UNITED STATES DISTRICT COURT FOR THE SOUTHERN DISTRICT OF NEW YORK
November 17, 1965
UNITED STATES of America, Libellant,
ONE CARTON POSITIVE MOTION PICTURE FILM ENTITLED "491" (35 mm. Black & White, 5 Double Reels, 9610 feet, Swedish Soundtrack with English Subtitles), Janus Films, Inc., Claimant
The opinion of the court was delivered by: GRAVEN
GRAVEN, Senior District Judge (by assignment).
1. In this proceeding the Government seeks the forfeiture of an imported motion picture film on the ground that it constitutes obscene material the import of which is prohibited by Section 305 of the Tariff Act (Sec. 1305, Title 19 U.S.C.A.).
2. Section 305 of the Tariff Act (Sec. 1305, Title 19 U.S.C.A.) lists a number of items the import of which is prohibited. Among those items is "obscene" matter. That Section further provides:
"Upon the appearance of any such * * * matter at any customs office, the same shall be seized and held by the collector to await the judgment of the district court as hereinafter provided; * * *. Upon the seizure of such * * * matter the collector shall transmit information thereof to the district attorney * * * who shall institute proceedings in the district court for the forfeiture, confiscation, and destruction of the * * * matter seized. Upon the adjudication that such * * * matter thus seized is of the character the entry of which is by this section prohibited, it shall be ordered destroyed and shall be destroyed. * * *"
Under that Section, any party in interest may upon demand have the facts or issues determined by a jury and any party may have an appeal or right of review as in the case of ordinary actions or suits. In the present case no demand for a jury was made. Where the Government seeks to forfeit material the importation of which is alleged to be prohibited by Section 305, it proceeds by way of a libel action, which action is conducted under the Admiralty Rules.
The film which is the subject matter of this action was produced in Sweden by an organization known as Svensk Film Industri. It consisted of five double reels of black and white positive, 35mm. motion picture film totalling 9610 feet. It was sought to be imported in this country by Janus Films, Inc., the Claimant herein, a New York corporation which is engaged in the commercial distribution and licensing of motion picture films throughout the country. The dialogue in the film is in Swedish but there are English subtitles. It is what is known and referred to as a feature film.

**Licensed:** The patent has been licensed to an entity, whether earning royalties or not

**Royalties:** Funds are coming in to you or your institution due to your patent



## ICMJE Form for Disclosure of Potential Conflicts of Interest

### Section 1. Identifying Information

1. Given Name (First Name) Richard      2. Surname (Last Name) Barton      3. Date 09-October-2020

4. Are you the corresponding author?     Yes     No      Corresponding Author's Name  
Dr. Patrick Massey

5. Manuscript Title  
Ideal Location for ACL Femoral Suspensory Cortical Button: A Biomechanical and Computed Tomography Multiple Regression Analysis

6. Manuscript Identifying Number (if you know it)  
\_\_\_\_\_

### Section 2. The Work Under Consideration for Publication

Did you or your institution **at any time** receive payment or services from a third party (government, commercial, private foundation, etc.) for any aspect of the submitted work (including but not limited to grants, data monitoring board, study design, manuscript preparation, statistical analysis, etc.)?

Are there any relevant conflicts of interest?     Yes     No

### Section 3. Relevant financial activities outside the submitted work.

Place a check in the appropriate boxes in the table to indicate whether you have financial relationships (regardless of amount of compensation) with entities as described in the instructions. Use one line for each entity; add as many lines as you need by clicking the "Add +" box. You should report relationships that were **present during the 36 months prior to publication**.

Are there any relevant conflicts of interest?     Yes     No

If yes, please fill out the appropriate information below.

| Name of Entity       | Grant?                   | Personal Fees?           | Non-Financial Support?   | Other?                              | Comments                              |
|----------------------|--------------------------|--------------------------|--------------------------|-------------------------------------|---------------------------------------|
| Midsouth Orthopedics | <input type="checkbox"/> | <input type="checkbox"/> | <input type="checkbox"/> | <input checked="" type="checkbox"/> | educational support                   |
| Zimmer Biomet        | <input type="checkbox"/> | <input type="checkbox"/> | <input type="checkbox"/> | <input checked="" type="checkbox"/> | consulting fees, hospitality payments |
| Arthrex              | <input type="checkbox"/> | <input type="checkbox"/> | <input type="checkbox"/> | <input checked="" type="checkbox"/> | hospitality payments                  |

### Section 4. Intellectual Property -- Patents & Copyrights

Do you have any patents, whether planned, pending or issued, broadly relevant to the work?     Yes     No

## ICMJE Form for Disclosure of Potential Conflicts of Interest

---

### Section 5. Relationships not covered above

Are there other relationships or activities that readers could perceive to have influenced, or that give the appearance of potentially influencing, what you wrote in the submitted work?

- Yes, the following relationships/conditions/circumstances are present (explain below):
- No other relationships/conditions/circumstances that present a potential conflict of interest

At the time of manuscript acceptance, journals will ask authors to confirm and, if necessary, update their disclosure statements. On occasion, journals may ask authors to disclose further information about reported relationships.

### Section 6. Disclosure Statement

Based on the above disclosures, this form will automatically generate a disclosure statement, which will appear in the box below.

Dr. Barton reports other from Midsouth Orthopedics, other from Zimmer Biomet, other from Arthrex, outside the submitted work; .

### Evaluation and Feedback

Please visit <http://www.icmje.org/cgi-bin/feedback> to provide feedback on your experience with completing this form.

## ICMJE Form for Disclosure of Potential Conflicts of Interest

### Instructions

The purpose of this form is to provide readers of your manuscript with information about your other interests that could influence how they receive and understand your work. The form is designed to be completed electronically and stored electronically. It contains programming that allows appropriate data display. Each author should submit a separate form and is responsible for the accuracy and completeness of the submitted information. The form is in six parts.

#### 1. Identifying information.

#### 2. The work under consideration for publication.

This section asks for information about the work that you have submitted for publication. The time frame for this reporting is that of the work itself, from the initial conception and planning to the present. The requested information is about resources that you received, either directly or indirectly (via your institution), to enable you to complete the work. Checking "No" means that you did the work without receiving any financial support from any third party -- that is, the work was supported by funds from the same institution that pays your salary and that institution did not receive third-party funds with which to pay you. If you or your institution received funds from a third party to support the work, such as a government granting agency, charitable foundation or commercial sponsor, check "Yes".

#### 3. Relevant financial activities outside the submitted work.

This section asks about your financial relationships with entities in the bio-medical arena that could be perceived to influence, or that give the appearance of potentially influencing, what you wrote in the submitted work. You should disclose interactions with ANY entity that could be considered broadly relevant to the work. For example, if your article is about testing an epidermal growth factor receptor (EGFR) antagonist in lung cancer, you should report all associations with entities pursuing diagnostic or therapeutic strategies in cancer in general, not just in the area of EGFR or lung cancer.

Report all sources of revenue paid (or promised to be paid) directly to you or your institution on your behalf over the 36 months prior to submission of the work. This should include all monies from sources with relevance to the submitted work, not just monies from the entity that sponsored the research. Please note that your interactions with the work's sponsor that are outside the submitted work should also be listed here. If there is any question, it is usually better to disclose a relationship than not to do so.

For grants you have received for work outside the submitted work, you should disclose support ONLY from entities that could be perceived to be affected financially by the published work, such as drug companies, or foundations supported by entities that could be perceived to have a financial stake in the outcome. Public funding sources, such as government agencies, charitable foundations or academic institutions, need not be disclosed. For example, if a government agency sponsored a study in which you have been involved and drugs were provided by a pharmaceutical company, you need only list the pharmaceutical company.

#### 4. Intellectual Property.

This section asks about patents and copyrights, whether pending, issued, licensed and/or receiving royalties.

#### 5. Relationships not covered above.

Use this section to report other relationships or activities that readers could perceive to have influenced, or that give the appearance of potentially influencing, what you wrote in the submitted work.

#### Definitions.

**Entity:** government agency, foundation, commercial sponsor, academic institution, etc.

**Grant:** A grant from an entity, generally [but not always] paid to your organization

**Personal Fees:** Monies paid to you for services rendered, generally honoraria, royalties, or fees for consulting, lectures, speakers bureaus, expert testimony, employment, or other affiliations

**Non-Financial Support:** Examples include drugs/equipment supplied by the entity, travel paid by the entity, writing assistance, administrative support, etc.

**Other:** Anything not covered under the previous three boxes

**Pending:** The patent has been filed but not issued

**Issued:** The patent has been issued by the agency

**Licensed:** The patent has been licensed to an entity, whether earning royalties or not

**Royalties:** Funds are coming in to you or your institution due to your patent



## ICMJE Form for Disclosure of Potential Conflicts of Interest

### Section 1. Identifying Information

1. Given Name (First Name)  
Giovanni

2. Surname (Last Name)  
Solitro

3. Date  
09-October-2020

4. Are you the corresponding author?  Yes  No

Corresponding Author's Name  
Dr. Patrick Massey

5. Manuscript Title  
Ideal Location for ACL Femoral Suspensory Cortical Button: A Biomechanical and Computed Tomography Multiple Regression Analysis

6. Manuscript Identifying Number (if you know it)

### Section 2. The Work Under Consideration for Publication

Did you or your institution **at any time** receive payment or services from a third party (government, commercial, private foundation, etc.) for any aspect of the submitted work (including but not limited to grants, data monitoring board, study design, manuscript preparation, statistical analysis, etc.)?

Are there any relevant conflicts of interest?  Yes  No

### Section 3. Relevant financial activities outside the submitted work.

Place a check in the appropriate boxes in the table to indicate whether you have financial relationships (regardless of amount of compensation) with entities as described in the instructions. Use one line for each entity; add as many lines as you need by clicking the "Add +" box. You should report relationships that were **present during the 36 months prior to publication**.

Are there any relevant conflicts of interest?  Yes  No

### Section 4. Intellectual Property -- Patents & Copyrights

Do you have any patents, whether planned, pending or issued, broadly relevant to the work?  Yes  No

3. There are a number of issues in this case. The Government contends that the film in question is obscene and hence is not a permissible import under Section 305 of the Tariff Act. The Claimant contends to the contrary. The Claimant challenges the constitutionality of the procedures provided for and followed in connection with the importation of feature films. It also challenges the constitutionality of the provision of Section 305 prohibiting the importation of "obscene" material.
4. This latter challenge will be first considered. The Claimant contends that the word "obscene" is so vague as to violate due process. In the case of Roth v. United States (1957), 354 U.S. 476, 77 S. Ct. 1304, 1 L. Ed. 2d 1498, the United States Supreme Court upheld a state criminal obscenity statute against a similar attack.
It is the contention of the Claimant that that holding is not determinative of the question as to the constitutional adequacy of the word "obscene" as used in Section 305 because that Section provides for pre-exhibition restraint rather than post-exhibition sanctions provided by criminal statutes. The proceedings in connection with an imported film under Section 305 do operate as a pre-exhibition restraint. The proceedings are in rem rather than in personam and are civil rather than criminal in nature.
It would not seem that the United States Supreme Court would regard the word "obscene" as constitutionally sufficient in a criminal proceeding, yet constitutionally inadequate in a civil proceeding involving obscene matter. If that Court should hold that that word was constitutionally inadequate in connection with criminal proceedings, a different situation would be present. While some writers are of the view that the decision of that Court in the Roth case has been somewhat eroded, yet up to now it has not been eroded to the extent that it is no longer authority as to the constitutional adequacy of the word "obscene." It is the view and holding of the Court that Section 305 is not constitutionally inadequate because of the use of the word "obscene."